Andrew Weibrecht

Andrew Weibrecht hopes major injuries, concussions are behind him

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Andrew Weibrecht followed his second Olympic medal, a silver in the Sochi super-G on Feb. 16, with a second concussion two months ago in a preseason training crash in New Zealand.

Weibrecht, also concussed in a spill last fall, visited a University of Michigan specialist for a series of tests.

“He felt really optimistic,” Weibrecht said while promoting the 2015 Vail/Beaver Creek World Championships in New York last week. “He didn’t really think that there’s any great consequence. It was good to get that from one of the top guys.”

Weibrecht’s mother told the Lake Placid (N.Y.) News last week, “It’s very scary. But you know, he’s got to go for as long as he’s comfortable.”

Weibrecht, 28, is all clear for the World Cup season, which for him begins with the first speed races in Lake Louise, Canada, on Thanksgiving weekend.

The Lake Placid native hopes for better fortune coming out of Sochi than he experienced after winning his Vancouver Olympic super-G bronze in 2010. Between Vancouver and Sochi, Weibrecht blew out both shoulders, tore both ankles and failed to find a healthy rhythm on tour.

His best finish in more than 40 World Cup starts from 2010 to 2014 was 10th. Weibrecht was demoted from the U.S. Ski Team’s “A team” to the “B team,” meaning he had to fund $21,000 out of his own pocket. There was concern he might not make the 2014 Olympic team.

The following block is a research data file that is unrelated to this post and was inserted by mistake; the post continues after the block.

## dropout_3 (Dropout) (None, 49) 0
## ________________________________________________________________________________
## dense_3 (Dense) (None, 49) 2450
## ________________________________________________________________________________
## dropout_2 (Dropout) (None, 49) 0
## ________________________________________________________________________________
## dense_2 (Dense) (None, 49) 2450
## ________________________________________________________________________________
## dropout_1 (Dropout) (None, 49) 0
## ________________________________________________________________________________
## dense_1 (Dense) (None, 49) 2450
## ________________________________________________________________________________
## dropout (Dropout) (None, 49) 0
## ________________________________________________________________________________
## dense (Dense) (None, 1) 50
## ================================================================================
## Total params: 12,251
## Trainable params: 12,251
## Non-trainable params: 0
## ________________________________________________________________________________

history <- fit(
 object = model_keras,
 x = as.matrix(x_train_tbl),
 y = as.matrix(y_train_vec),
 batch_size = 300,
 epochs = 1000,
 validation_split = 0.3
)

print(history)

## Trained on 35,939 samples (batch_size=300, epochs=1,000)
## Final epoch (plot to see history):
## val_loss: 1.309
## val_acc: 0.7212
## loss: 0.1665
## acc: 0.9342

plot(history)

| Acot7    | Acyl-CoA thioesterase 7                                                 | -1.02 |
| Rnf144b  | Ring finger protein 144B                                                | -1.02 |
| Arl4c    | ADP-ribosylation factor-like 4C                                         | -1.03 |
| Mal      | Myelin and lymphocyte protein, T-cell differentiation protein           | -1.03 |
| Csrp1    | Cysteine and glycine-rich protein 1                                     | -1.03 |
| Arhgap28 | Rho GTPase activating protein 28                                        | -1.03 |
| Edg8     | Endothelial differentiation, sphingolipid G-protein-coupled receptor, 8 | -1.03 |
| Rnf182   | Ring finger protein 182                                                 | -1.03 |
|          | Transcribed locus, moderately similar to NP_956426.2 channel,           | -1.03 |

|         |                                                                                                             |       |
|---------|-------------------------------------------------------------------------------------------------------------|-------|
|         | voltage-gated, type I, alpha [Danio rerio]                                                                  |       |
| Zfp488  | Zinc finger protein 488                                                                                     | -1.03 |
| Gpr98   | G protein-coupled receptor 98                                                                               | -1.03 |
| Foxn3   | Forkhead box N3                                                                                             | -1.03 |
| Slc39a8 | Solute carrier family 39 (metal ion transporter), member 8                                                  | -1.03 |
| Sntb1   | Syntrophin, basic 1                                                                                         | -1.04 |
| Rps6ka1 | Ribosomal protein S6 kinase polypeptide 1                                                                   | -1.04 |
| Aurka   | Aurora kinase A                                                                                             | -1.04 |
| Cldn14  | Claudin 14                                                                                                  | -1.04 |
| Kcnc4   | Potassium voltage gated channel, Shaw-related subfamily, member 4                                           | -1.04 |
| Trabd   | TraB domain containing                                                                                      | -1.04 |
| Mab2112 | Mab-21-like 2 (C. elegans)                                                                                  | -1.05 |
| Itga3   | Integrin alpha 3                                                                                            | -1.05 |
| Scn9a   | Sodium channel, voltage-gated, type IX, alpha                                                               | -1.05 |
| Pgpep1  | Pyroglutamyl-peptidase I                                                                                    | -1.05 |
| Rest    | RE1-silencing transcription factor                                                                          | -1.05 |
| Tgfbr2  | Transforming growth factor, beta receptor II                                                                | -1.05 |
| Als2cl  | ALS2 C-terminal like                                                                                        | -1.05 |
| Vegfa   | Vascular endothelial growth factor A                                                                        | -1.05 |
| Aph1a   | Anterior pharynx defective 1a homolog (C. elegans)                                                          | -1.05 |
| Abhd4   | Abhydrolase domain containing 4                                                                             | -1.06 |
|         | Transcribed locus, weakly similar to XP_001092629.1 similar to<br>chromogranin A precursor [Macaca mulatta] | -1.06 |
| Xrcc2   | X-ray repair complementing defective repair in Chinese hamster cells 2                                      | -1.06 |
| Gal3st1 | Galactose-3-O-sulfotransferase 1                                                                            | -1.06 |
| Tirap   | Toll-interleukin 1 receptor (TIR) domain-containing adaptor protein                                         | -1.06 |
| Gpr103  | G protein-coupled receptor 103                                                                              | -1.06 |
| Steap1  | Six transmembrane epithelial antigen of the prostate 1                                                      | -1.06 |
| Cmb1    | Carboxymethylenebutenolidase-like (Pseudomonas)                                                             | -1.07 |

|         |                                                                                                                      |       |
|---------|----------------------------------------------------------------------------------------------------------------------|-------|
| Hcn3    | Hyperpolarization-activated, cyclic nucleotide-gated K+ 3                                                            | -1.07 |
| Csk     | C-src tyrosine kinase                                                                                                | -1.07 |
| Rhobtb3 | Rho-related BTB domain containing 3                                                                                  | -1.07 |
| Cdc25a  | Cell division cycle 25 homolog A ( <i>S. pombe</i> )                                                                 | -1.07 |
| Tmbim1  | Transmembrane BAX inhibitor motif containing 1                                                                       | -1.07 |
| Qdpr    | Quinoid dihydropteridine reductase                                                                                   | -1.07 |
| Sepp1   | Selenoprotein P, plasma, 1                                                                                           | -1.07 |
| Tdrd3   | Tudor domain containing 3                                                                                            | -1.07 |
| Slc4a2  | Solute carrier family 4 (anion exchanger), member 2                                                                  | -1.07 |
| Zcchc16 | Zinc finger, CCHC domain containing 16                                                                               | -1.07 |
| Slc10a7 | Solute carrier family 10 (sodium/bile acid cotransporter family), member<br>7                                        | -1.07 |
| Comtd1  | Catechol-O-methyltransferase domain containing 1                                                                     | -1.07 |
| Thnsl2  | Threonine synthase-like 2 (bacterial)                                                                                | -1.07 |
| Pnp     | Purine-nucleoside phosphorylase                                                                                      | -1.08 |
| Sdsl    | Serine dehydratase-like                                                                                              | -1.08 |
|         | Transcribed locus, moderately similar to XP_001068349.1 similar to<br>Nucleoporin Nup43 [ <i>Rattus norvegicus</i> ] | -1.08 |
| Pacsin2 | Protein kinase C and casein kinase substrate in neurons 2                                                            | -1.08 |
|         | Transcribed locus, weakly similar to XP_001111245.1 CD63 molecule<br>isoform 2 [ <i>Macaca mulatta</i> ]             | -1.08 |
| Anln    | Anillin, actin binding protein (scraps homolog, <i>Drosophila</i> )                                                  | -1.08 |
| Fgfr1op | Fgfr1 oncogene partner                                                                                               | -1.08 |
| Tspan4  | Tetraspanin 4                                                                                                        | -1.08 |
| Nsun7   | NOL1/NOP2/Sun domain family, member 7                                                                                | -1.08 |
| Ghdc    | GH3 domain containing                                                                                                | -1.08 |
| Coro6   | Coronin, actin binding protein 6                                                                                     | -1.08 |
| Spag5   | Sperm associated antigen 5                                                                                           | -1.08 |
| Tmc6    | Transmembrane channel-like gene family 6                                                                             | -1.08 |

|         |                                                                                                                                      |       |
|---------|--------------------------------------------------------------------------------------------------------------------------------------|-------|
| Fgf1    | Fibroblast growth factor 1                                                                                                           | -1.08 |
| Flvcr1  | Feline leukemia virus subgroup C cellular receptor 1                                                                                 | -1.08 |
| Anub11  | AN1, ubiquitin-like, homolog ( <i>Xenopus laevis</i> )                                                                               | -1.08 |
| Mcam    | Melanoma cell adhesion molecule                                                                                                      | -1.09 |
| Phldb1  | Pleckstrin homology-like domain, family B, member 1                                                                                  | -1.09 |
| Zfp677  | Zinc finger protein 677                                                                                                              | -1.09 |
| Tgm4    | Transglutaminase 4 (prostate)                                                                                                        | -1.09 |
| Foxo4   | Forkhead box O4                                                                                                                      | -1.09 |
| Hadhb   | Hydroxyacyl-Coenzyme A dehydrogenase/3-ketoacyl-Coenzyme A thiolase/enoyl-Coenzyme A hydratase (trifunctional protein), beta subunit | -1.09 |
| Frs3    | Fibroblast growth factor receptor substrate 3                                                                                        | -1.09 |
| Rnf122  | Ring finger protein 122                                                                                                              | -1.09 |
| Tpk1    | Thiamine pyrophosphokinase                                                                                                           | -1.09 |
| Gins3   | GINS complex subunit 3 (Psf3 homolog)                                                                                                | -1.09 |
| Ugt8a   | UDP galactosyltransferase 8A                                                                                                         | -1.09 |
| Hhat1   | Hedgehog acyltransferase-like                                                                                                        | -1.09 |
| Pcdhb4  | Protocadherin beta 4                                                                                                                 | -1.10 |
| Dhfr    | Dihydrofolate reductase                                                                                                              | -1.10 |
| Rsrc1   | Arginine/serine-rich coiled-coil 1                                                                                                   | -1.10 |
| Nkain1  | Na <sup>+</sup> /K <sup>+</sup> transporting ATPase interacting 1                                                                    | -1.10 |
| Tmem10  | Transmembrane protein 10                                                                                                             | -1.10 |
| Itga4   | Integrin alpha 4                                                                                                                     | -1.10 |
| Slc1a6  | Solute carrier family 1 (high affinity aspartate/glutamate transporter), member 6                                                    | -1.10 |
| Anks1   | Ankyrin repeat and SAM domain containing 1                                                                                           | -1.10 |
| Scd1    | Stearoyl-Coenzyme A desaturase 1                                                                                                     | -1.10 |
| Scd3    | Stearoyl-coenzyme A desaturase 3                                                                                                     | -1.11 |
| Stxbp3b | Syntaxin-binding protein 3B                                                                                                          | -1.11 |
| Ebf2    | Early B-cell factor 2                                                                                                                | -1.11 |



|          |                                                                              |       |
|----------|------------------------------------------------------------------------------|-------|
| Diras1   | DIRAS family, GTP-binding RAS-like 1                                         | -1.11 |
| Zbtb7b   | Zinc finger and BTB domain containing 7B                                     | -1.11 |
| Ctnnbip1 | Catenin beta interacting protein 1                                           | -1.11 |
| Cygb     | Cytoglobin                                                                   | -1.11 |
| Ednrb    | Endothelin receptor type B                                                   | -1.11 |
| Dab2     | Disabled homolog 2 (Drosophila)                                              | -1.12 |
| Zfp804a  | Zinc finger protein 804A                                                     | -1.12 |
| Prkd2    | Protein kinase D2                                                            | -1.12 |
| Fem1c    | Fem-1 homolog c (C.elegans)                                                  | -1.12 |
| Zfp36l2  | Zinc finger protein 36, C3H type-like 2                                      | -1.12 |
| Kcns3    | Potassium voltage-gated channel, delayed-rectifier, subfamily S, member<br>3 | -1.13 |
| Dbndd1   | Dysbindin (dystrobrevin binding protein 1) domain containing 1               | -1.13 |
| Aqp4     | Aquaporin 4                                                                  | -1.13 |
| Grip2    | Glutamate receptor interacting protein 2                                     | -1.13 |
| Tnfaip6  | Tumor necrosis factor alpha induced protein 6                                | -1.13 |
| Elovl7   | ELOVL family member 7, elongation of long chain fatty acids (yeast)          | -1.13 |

“The biggest lesson I’ve learned in athletics so far is if you stay healthy, it’s quite a lot easier,” Weibrecht said. “I’ve seen both sides: the success side; then after that, I saw the really tough side of the sport.

“Now that I have success back, I want to maintain that.”

Weibrecht took a step by recording his best-ever World Cup result after Sochi, seventh in a super-G in Kvitfjell, Norway, on March 2.

Still, he owns a peculiar résumé.

Weibrecht, nicknamed “War Horse” for his hard-charging racing style, owns as many Olympic medals as Lindsey Vonn. Yet he’s posted just three top-10 finishes in World Cup and World Championship races, with that seventh-place best.

“If I was to end my career now, I accomplished a lot, but I didn’t accomplish everything that I wanted to,” he said.

As Weibrecht faced 2015 World Championships banners in a lower Manhattan showroom, he pointed to another goal this year — sustained success on the World Cup tour that surrounds Worlds.

“That kind of dictates your mental sanity week to week,” Weibrecht said, “rather than having that one good race all year.”

In the Russian mountains, Weibrecht called his Olympic super-G silver medal run “the most emotional day of ski racing” in his career. How much longer he races is largely dependent on one thing.

“How I stay physically,” Weibrecht said. “I don’t really know that I have the energy to do that cycle of injuries again.”

Claudia Pechstein eyes seventh Olympics at age 45

Rewind: Australia’s Steven Bradbury gains gold and lasting fame after pileup takes out Apolo Ohno

Steven Bradbury
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Heading into the 2002 Winter Olympics, young American Apolo Ohno was a phenom with a legitimate shot at multiple medals in short-track speedskating.

The 1999 world junior champion and future “Dancing with the Stars” champion had finished first in the World Cup season standings in all three individual disciplines in the 2000-01 season. In the 2001 world championships, he took gold in the relay and the 3,000m (a non-Olympic event), silver in the 1,000m and fourth in the 1,500m.

Australia’s Steven Bradbury was at the other end of his career, enduring all sorts of misfortune in the years that followed — a 1995 accident in which he needed more than 100 stitches after a skate blade sliced his thigh, then a 2000 accident in which he broke two vertebra in his neck. 

The highlights of Bradbury’s career were relay world championships medals — gold in 1991, bronze in 1993, silver in 1994. He and his relay teammates also took Olympic bronze in 1994.